Profiles in Courage: Jim and Nora Durfee
By: Warhawk Air Museum
Posted On: March 30, 2020
Training for Flight
Jim, a young 17-year-old from Idaho, joined the Army Air Force in 1942. His basic training was at Buckley Field, CO, but his thoughts were with his sweetheart, Nora, back in Jerome, ID. After basic, Jim reported to Kingsman, AZ Gunnery School for Ball Turret Training on B-17s, and then Ardmore, OK for Crew Training School. Jim was assigned to the 303rd Bombardment Group, activated February 3, 1942, and began flight training at Gowen Field, ID.
Soon, orders came for deployment overseas, and the brave group of men flew their first combat mission on November 17, 1942.
Thoughts from the logbook
Jim’s logbook reveals some of the dangers that this young gunner was in. On his 2nd mission dated July 12, 1944, he wrote, “Lost Hydraulic fluid—used water and urine for brake fluid. No one hurt.” The next day, July 13th, his plane was hit, receiving “4 holes,” but luckily, again no one was hurt. His 5th mission dated July 20th, 1944 was a success with the plane not fired upon. Jim wrote “I want to be a permanent K.P. (Kitchen Patrol). This isn’t fun or healthy.”
On the 16th mission dated September 28th, 1944, Jim noted, “Within 3 to 5 minutes, 10 out of 12 of our Group was in flames.” His plane landed with “over 100 holes in all.” Jim’s comments on this mission revealed his emotions: “I thought we was all going to die. First time I ever prayed for my life. NO ONE WAS HURT. I arrived back to base at 1535 (3:45 pm). I drank all the whiskey I could get my hands on—We was all nervous wrecks. I’m starting to sweat these out. This ain’t a bit of FUN.” The plane, unflyable, was later sold for scrap metal in 1945.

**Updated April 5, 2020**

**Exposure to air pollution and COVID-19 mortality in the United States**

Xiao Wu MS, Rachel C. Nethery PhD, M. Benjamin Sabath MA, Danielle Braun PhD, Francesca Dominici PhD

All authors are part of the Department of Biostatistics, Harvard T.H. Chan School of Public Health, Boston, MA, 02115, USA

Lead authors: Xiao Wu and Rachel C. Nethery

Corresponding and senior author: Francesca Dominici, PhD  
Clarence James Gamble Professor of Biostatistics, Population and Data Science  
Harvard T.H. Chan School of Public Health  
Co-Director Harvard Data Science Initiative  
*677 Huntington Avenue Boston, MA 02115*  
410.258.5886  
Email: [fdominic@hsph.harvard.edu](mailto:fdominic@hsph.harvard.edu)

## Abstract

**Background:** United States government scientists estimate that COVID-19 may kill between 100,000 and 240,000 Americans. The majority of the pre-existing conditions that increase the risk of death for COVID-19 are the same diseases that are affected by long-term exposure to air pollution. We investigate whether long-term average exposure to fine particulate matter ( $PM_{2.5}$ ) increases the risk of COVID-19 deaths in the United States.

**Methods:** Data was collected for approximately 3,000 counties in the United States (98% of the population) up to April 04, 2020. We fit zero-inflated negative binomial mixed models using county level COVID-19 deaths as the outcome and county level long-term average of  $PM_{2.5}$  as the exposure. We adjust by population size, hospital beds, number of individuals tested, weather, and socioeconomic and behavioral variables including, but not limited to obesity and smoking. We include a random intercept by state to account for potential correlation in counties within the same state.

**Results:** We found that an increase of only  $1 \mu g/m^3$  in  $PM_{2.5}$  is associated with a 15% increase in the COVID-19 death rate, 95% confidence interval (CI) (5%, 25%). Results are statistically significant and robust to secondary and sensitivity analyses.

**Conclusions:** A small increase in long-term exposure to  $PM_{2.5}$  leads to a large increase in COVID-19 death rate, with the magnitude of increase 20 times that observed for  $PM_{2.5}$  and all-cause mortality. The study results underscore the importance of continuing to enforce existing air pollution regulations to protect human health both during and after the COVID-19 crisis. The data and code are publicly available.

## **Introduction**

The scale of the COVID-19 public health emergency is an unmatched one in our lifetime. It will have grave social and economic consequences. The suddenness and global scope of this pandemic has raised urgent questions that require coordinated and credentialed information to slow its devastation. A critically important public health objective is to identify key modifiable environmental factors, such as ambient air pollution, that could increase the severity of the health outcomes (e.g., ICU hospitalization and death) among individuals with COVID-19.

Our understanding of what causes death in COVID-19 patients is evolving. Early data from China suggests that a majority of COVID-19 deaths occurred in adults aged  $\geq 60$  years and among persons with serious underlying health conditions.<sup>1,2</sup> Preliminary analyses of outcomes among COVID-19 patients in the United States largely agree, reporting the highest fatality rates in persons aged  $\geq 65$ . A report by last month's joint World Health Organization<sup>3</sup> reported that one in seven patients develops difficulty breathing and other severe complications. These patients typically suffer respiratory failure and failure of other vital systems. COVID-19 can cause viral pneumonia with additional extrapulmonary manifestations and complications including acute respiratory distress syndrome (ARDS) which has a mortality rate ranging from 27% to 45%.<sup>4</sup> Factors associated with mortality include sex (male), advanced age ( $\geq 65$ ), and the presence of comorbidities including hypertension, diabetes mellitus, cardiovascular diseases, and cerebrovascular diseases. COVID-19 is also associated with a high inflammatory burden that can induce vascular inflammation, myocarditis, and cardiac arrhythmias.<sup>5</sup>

Staying in touch
Although we do not have a detailed account of Nora during the time that Jim was deployed, we can assume she continued to attend High School and wrote many letters. The soldiers in World War II did not have the luxury of the internet, so they communicated through letters. Lots and lots of letters. These letters, of course, had the “I miss you” and “I love you” moments, but they were also full of encouragement and news of happenings on the homefront.
The letters became a double-ended life line and an extension of one’s voice to the recipient. One end was for the soldier to receive news from home, reassuring him that he was missed, loved, and not alone. On the other end, the families, in this case Nora, treasured each letter because it was her sweetheart taking the time to write, letting her know that he was still alive and thinking about her.
Life after War
Jim completed 30 missions and then returned home to the ones he loved, including his girl, Nora. In January 1945, he proposed, she said yes, and the marriage day was set for February 8th, 1945. Nora was 17, and Jim was 19 years old.
Jim and Nora settled in Mountain Home, ID, where Jim finished his pilot training and joined the Civil Air Patrol in 1952. He was also an ironworker for 35 years and retired in 1987. Nora and Jim raised three children. Nora said that it was a good life.
Reminiscing on her early life during the war, Nora would observe: “In World War II ‘morale’ was a word we all heard and lived by.”
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